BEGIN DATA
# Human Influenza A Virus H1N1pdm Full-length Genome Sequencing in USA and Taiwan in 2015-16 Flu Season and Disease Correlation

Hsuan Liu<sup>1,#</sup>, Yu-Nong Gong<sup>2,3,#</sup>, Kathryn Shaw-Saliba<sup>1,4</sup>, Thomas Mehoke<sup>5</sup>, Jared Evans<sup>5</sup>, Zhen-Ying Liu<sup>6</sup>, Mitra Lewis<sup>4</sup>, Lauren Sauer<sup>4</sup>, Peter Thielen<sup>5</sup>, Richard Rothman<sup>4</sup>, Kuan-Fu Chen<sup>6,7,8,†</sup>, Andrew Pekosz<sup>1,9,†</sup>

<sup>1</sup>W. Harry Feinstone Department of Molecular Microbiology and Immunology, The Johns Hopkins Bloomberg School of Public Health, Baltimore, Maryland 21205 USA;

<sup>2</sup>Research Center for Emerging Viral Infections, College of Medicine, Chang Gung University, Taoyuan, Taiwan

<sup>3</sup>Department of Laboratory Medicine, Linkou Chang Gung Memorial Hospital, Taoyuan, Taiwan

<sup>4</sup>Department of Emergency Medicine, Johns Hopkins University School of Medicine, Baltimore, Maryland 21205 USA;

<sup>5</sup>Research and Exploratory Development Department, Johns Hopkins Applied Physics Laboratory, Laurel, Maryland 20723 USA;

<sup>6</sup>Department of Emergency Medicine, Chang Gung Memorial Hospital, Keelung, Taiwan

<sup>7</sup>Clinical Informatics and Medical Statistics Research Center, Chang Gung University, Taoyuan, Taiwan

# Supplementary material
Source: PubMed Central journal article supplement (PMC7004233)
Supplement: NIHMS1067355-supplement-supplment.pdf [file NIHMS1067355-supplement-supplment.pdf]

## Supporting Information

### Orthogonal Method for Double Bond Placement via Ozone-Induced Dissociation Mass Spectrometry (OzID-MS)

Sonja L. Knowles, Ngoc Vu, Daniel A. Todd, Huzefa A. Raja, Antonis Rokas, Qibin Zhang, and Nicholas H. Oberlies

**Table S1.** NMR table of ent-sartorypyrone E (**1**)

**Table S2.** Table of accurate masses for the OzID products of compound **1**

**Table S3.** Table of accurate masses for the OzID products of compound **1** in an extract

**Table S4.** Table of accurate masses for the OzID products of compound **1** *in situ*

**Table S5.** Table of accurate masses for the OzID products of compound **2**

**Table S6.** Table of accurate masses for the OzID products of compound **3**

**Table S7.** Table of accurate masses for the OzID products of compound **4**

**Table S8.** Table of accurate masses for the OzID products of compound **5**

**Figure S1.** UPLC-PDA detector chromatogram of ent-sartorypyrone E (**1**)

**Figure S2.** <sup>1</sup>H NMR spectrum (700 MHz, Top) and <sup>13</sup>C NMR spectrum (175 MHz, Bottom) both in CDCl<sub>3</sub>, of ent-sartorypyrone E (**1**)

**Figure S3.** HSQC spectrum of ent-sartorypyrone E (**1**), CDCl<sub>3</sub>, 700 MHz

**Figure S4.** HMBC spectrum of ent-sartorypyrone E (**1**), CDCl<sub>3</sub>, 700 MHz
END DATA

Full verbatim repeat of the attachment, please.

# Human Influenza A Virus H1N1pdm Full-length Genome Sequencing in USA and Taiwan in 2015-16 Flu Season and Disease Correlation

Hsuan Liu<sup>1,#</sup>, Yu-Nong Gong<sup>2,3,#</sup>, Kathryn Shaw-Saliba<sup>1,4</sup>, Thomas Mehoke<sup>5</sup>, Jared Evans<sup>5</sup>, Zhen-Ying Liu<sup>6</sup>, Mitra Lewis<sup>4</sup>, Lauren Sauer<sup>4</sup>, Peter Thielen<sup>5</sup>, Richard Rothman<sup>4</sup>, Kuan-Fu Chen<sup>6,7,8,†</sup>, Andrew Pekosz<sup>1,9,†</sup>

<sup>1</sup>W. Harry Feinstone Department of Molecular Microbiology and Immunology, The Johns Hopkins Bloomberg School of Public Health, Baltimore, Maryland 21205 USA;

<sup>2</sup>Research Center for Emerging Viral Infections, College of Medicine, Chang Gung University, Taoyuan, Taiwan

<sup>3</sup>Department of Laboratory Medicine, Linkou Chang Gung Memorial Hospital, Taoyuan, Taiwan

<sup>4</sup>Department of Emergency Medicine, Johns Hopkins University School of Medicine, Baltimore, Maryland 21205 USA;

<sup>5</sup>Research and Exploratory Development Department, Johns Hopkins Applied Physics Laboratory, Laurel, Maryland 20723 USA;

<sup>6</sup>Department of Emergency Medicine, Chang Gung Memorial Hospital, Keelung, Taiwan

<sup>7</sup>Clinical Informatics and Medical Statistics Research Center, Chang Gung University, Taoyuan, Taiwan

# Supplementary material
Source: PubMed Central journal article supplement (PMC7004233)
Supplement: NIHMS1067355-supplement-supplment.pdf [file NIHMS1067355-supplement-supplment.pdf]

## Supporting Information

### Orthogonal Method for Double Bond Placement via Ozone-Induced Dissociation Mass Spectrometry (OzID-MS)

Sonja L. Knowles, Ngoc Vu, Daniel A. Todd, Huzefa A. Raja, Antonis Rokas, Qibin Zhang, and Nicholas H. Oberlies

**Table S1.** NMR table of ent-sartorypyrone E (**1**)

**Table S2.** Table of accurate masses for the OzID products of compound **1**

**Table S3.** Table of accurate masses for the OzID products of compound **1** in an extract

**Table S4.** Table of accurate masses for the OzID products of compound **1** *in situ*

**Table S5.** Table of accurate masses for the OzID products of compound **2**

**Table S6.** Table of accurate masses for the OzID products of compound **3**

**Table S7.** Table of accurate masses for the OzID products of compound **4**

**Table S8.** Table of accurate masses for the OzID products of compound **5**

**Figure S1.** UPLC-PDA detector chromatogram of ent-sartorypyrone E (**1**)

**Figure S2.** <sup>1</sup>H NMR spectrum (700 MHz, Top) and <sup>13</sup>C NMR spectrum (175 MHz, Bottom) both in CDCl<sub>3</sub>, of ent-sartorypyrone E (**1**)

**Figure S3.** HSQC spectrum of ent-sartorypyrone E (**1**), CDCl<sub>3</sub>, 700 MHz

**Figure S4.** HMBC spectrum of ent-sartorypyrone E (**1**), CDCl<sub>3</sub>, 700 MHz